Review first published by FilmDivider
“Will you make waves in the fountain of ecstasy? Are you a chosen one? Can you enter the realm of the senses and experience unparalleled euphoria? Wouldn’t you like to open that forbidden door? The wheels are already in motion. The key to the door of uncharted pleasure is already yours.”
The speaker is the tuxedo’d boss (Suzuki Matsuo) of a strange S&M club “for gentlemen”, signing up salaryman Takafumi Katayami (Ichi the Killer‘s Omori Nao) for a one-year contract during which “a variety of dominatrixes will appear in varying situation.”
Takafumi is a timid, middle-aged furniture salesman left alone to look after his young son Arachi (Nishimoto Haruki) while his wife Setsuko (You) languishes in a coma that has now lasted three years. So, very much like the protagonist of Miike Takashi‘s Audition (1999), Takafumi is struggling to reconcile fatherhood and (virtual) widowhood with an abiding, guilt-tinged desire for sexual kicks. Except that Miike’s intense psychodrama of pain and passion is here, impossibly, replaced by bizarre sex comedy.
At first at pre-arranged times and then at random, contemptuous angels clad in fishnets and black PVC appear to harm and humiliate Takafumi until he achieves ecstatic orgasms, which are here figured visually by his eyes becoming alien black slits while a CG ripple-effect halo appears behind his head. But as these increasingly monstrous dominatrices start intruding upon his workplace and his home, and include Setsuko and even Arachi in their cruel games, our meek masochist will turn, taking on not just the Queen of Voices, the Queen of Spit and the Queen of Gobbling, but also the club’s gigantic CEO (Lindsay Hayward) and her naughty ninja army. They’re headed for a battle where sadism and masochism will combine in a deliriously transgressive Ode to Joy, and Takafumi will find a way to combine the roles of father, mother and pervert.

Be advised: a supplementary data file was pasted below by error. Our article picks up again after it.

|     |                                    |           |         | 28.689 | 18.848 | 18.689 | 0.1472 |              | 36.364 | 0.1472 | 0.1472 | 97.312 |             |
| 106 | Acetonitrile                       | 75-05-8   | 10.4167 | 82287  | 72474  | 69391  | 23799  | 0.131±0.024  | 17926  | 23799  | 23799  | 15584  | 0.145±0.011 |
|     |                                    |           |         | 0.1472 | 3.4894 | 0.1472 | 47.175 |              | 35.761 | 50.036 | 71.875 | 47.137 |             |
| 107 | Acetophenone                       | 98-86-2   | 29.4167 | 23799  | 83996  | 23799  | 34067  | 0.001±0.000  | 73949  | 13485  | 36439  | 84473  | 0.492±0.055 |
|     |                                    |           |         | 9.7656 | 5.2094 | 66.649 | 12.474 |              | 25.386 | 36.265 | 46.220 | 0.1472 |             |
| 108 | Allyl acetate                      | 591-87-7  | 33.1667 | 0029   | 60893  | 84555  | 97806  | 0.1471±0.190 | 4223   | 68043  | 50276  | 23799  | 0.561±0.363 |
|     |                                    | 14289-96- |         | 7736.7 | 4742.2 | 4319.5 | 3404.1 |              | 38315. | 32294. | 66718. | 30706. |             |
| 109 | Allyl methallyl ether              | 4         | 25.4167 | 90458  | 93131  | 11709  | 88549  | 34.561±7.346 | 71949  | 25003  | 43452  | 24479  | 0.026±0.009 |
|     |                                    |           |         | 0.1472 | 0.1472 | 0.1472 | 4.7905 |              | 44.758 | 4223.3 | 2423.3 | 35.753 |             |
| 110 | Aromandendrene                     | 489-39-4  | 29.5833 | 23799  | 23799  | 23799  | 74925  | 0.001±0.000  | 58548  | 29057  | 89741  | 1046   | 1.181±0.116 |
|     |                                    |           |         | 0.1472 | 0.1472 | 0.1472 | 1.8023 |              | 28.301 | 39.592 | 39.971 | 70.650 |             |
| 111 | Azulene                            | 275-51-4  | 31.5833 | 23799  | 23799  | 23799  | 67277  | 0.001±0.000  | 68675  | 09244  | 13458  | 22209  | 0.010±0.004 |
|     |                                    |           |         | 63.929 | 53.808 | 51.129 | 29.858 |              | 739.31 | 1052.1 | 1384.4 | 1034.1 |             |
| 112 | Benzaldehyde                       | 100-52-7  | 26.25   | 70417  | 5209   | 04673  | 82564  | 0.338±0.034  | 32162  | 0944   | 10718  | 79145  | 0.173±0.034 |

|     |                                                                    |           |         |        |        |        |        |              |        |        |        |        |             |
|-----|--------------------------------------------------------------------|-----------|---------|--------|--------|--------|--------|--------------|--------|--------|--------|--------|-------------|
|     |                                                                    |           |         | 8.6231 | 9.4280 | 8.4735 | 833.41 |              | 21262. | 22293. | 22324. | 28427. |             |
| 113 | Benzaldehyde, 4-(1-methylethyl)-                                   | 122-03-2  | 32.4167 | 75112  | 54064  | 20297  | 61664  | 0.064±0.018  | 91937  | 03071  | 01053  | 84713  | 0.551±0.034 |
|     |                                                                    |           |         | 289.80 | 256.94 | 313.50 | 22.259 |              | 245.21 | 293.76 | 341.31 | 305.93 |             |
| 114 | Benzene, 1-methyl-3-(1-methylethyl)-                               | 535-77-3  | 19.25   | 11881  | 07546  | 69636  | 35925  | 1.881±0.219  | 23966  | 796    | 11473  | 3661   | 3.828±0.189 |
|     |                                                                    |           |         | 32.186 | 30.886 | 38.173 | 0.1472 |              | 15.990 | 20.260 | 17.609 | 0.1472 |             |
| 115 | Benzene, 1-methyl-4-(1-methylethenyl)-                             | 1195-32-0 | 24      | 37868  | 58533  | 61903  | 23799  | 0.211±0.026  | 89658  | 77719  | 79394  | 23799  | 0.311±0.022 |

In R100, director/co-writer Matsumoto Hitoshi, who also cameos as a seen-it-all-before policeman, infuses the realities of a humdrum life with wildly surreal fantasy. He punctuates the story with false-alarm earthquakes, disco numbers, Bond-style escapades and fourth-wall-breaking vox pops, only for all these madcap proceedings to be regularly interrupted by a group of bewildered classifiers, shown wondering aloud between reels what to make of what they have just seen, in a metacritical chorus on the film’s many digressions and deviations.
Even the title R100 constitutes its own specially invented rating, cryptically encoding the ultra-niche nature of the film’s ideal audience. In other words, while Takafumi’s pursuit of pleasure is also ours in viewing the picture, this kinkily outré, deliriously self-aware film is the very definition of ‘not for everyone’, and may leave many feeling cold and not a little confused. Yet for those chosen ones who are open to its rarefied entertainments, fountains of uncharted ecstasy await.
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